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Trained as a biologist and an infantry lieutenant, I've seldom had a
chance to combine those two clarifying fields.  The idea for this
piece came up in conversation with a staffer at the Sierra Club who
was lauding recent efforts of the Army Corps of Engineers.  I worked
up the text last year originally for the Global Business Network,
which I co-founded with Peter Schwartz and others in 1988 (his recent
book The Art of the Long View summarizes what GBN is up to in terms of
long-term strategic planning).

 Schwartz suggested I send the piece to Time magazine.  The "Time
Essay" editor was intrigued and asked to hold on to the article for a
couple of months while he tried to slide it through the system.  He
offered a handsome kill fee if it wasn't used which didn't take me
long to agree to.  After a few months went by, the nice check from
Time arrived, and I showed the piece to an editor of the New York
Times op ed page.  He  liked it, suggested revisions, which I made,
and he showed it to the senior editors, who said no.  A similar
sequence happened with the Washington Post, even though it was one of
their random months when they like the military.

 So, what the hell, I showed the piece to Howard Rheingold.  He didn't
have to ask anybody's permission to run it.


[NB:  This article first appeared in the Whole Earth Review in issue #76,
edited by Howard Rheingold.
For more information send e-mail to:  [email protected]  ]
                       ARMY GREEN

                    by Stewart Brand
			[email protected]

 The arms race is running backwards.  NATO is without a mission.  The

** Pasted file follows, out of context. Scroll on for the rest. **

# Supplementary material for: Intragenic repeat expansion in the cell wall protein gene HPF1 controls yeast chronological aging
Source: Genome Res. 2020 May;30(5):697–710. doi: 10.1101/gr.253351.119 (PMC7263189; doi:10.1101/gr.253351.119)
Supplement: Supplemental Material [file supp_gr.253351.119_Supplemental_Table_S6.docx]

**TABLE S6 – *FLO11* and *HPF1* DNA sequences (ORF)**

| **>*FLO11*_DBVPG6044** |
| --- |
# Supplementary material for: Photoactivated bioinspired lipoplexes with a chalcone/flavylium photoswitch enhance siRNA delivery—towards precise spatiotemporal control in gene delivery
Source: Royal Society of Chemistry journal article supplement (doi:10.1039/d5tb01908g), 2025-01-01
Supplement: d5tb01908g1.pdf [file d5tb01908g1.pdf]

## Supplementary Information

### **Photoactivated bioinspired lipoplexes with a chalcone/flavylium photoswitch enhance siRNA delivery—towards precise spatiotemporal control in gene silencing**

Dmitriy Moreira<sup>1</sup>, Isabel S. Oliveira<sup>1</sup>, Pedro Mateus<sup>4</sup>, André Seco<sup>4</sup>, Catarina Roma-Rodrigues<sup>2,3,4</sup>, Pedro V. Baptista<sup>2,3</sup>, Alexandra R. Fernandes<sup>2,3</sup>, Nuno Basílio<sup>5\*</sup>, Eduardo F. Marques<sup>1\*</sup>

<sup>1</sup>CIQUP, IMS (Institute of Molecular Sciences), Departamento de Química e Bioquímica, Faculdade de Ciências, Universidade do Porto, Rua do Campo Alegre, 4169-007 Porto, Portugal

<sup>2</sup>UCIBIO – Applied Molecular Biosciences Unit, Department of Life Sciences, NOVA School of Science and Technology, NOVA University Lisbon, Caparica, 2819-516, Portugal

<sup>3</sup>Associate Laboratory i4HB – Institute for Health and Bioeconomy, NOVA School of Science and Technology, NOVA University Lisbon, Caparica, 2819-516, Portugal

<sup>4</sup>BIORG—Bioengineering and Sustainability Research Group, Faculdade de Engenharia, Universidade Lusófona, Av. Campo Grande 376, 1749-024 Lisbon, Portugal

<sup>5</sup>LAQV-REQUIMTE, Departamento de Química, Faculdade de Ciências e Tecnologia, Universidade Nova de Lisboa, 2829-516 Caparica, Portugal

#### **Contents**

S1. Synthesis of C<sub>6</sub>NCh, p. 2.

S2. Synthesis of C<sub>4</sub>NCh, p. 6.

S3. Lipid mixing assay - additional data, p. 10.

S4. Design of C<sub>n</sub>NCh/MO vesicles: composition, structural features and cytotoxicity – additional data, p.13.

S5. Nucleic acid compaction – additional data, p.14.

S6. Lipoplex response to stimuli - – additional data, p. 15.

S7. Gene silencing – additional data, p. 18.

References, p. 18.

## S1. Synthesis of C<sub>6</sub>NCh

few Communist governments that haven't crumbled have turned inward.
In the absence of a Soviet-scale threat, present or foreseeable, what
is the US Defense Department supposed to defend against in the coming
decades?  What are we supposed to do with the prodigious instrument
that won the Cold War and encored with a dazzling victory in the Gulf?
That is the deeper debate these days around the Pentagon, accompanying
the immediate issue of how to scale down severely and gracefully.

 Meanwhile a famous global problem, the deteriorating natural
environment, is gradually being re-understood in economic terms.
America is finally becoming alarmed about the decay of its engineered
infrastructure--highways, water systems, communications systems, and
even education system.  In the same way, the whole world is worried
about the natural infrastructure--soils, aquifers, fishable waters,
forests, biodiversity, and even the atmosphere.  The natural systems
are priceless in value and nearly impossible to replace, but they're
cheap to maintain.  All you have to do is defend them.

 The natural and engineered infrastructures together comprise the
world's economic infrastructure--the ecostructure.

 Suppose our military took on the long-term role of protecting the
global ecostructure.  From one point of view it did so in the Persian
Gulf, defending the world's access to the major source of inexpensive
energy when US direct interests in the region were relatively limited.
Could we build on that success?  When the global economic infrastruc-
ture is understood as including natural infrastructure, we might
defend rain forests and diverse ecosystems for the same reasons we
defend freedom of the seas and global communications.

 An example which has scarcely been reported: tropical hardwood such
as teak is a global renewable resource being criminally squandered.
Environmental groups are acutely aware of the issue and acutely
powerless to do anything about it in some places, such as Burma
("Miyanmar," but who expects the name to last?).  Would a threat of
UN-sanctioned military intervention keep the vandal government of
Burma from selling off its hardwood forests and its people's future
livelihood?  The idea seems unthinkable now.  A few years from now it
may seem unthinkable not to take action.

 But seldom does environmental protection need to be that militar-
istic.  Is there any reason to believe the military would be good at
the mostly gentle role of environmental steward?

 A rare federal hero of environmentalists these days is, of all
things, the Army Corps of Engineers.  In the last fifteen years the
Army Corps has reversed its behavior from destroying wetlands,
channelizing rivers, and marching roughshod over local conservation
interests toward increasingly creating wetlands, restoring rivers, and
responding to local conservation calls for help.  All this from an